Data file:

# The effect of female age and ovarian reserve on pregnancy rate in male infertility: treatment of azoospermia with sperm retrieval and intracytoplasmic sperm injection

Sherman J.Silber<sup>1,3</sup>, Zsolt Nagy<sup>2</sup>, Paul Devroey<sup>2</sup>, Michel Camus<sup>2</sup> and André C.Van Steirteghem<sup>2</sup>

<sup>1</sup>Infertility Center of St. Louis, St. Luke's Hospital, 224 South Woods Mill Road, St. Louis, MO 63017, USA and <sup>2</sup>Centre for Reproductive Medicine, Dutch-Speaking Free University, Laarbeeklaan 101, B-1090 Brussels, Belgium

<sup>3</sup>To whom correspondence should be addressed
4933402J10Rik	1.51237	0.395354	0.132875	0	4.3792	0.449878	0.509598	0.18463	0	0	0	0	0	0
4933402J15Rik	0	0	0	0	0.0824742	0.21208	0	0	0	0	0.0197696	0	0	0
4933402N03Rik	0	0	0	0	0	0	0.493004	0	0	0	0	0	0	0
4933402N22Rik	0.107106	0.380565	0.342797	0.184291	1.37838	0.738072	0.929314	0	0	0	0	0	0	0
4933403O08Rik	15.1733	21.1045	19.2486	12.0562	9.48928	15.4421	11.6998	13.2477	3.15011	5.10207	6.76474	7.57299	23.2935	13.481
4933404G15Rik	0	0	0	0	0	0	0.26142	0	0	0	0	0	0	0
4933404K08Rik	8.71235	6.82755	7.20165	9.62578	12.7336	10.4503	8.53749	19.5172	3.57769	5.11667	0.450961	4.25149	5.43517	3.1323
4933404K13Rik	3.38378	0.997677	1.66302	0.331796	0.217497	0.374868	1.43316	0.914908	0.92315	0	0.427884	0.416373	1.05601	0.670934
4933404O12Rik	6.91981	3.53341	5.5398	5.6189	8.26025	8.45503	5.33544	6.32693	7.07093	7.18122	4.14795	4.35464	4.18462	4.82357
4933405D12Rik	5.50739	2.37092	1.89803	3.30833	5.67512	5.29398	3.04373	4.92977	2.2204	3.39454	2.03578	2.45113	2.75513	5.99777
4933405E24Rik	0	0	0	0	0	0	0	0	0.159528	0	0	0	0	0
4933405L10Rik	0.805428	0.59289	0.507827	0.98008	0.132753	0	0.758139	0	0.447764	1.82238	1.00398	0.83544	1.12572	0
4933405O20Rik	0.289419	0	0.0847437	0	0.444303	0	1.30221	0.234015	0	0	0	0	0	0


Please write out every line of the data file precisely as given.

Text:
# The effect of female age and ovarian reserve on pregnancy rate in male infertility: treatment of azoospermia with sperm retrieval and intracytoplasmic sperm injection

Sherman J.Silber<sup>1,3</sup>, Zsolt Nagy<sup>2</sup>, Paul Devroey<sup>2</sup>, Michel Camus<sup>2</sup> and André C.Van Steirteghem<sup>2</sup>

<sup>1</sup>Infertility Center of St. Louis, St. Luke's Hospital, 224 South Woods Mill Road, St. Louis, MO 63017, USA and <sup>2</sup>Centre for Reproductive Medicine, Dutch-Speaking Free University, Laarbeeklaan 101, B-1090 Brussels, Belgium

<sup>3</sup>To whom correspondence should be addressed
4933402J10Rik	1.51237	0.395354	0.132875	0	4.3792	0.449878	0.509598	0.18463	0	0	0	0	0	0
4933402J15Rik	0	0	0	0	0.0824742	0.21208	0	0	0	0	0.0197696	0	0	0
4933402N03Rik	0	0	0	0	0	0	0.493004	0	0	0	0	0	0	0
4933402N22Rik	0.107106	0.380565	0.342797	0.184291	1.37838	0.738072	0.929314	0	0	0	0	0	0	0
4933403O08Rik	15.1733	21.1045	19.2486	12.0562	9.48928	15.4421	11.6998	13.2477	3.15011	5.10207	6.76474	7.57299	23.2935	13.481
4933404G15Rik	0	0	0	0	0	0	0.26142	0	0	0	0	0	0	0
4933404K08Rik	8.71235	6.82755	7.20165	9.62578	12.7336	10.4503	8.53749	19.5172	3.57769	5.11667	0.450961	4.25149	5.43517	3.1323
4933404K13Rik	3.38378	0.997677	1.66302	0.331796	0.217497	0.374868	1.43316	0.914908	0.92315	0	0.427884	0.416373	1.05601	0.670934
4933404O12Rik	6.91981	3.53341	5.5398	5.6189	8.26025	8.45503	5.33544	6.32693	7.07093	7.18122	4.14795	4.35464	4.18462	4.82357
4933405D12Rik	5.50739	2.37092	1.89803	3.30833	5.67512	5.29398	3.04373	4.92977	2.2204	3.39454	2.03578	2.45113	2.75513	5.99777
4933405E24Rik	0	0	0	0	0	0	0	0	0.159528	0	0	0	0	0
4933405L10Rik	0.805428	0.59289	0.507827	0.98008	0.132753	0	0.758139	0	0.447764	1.82238	1.00398	0.83544	1.12572	0
4933405O20Rik	0.289419	0	0.0847437	0	0.444303	0	1.30221	0.234015	0	0	0	0	0	0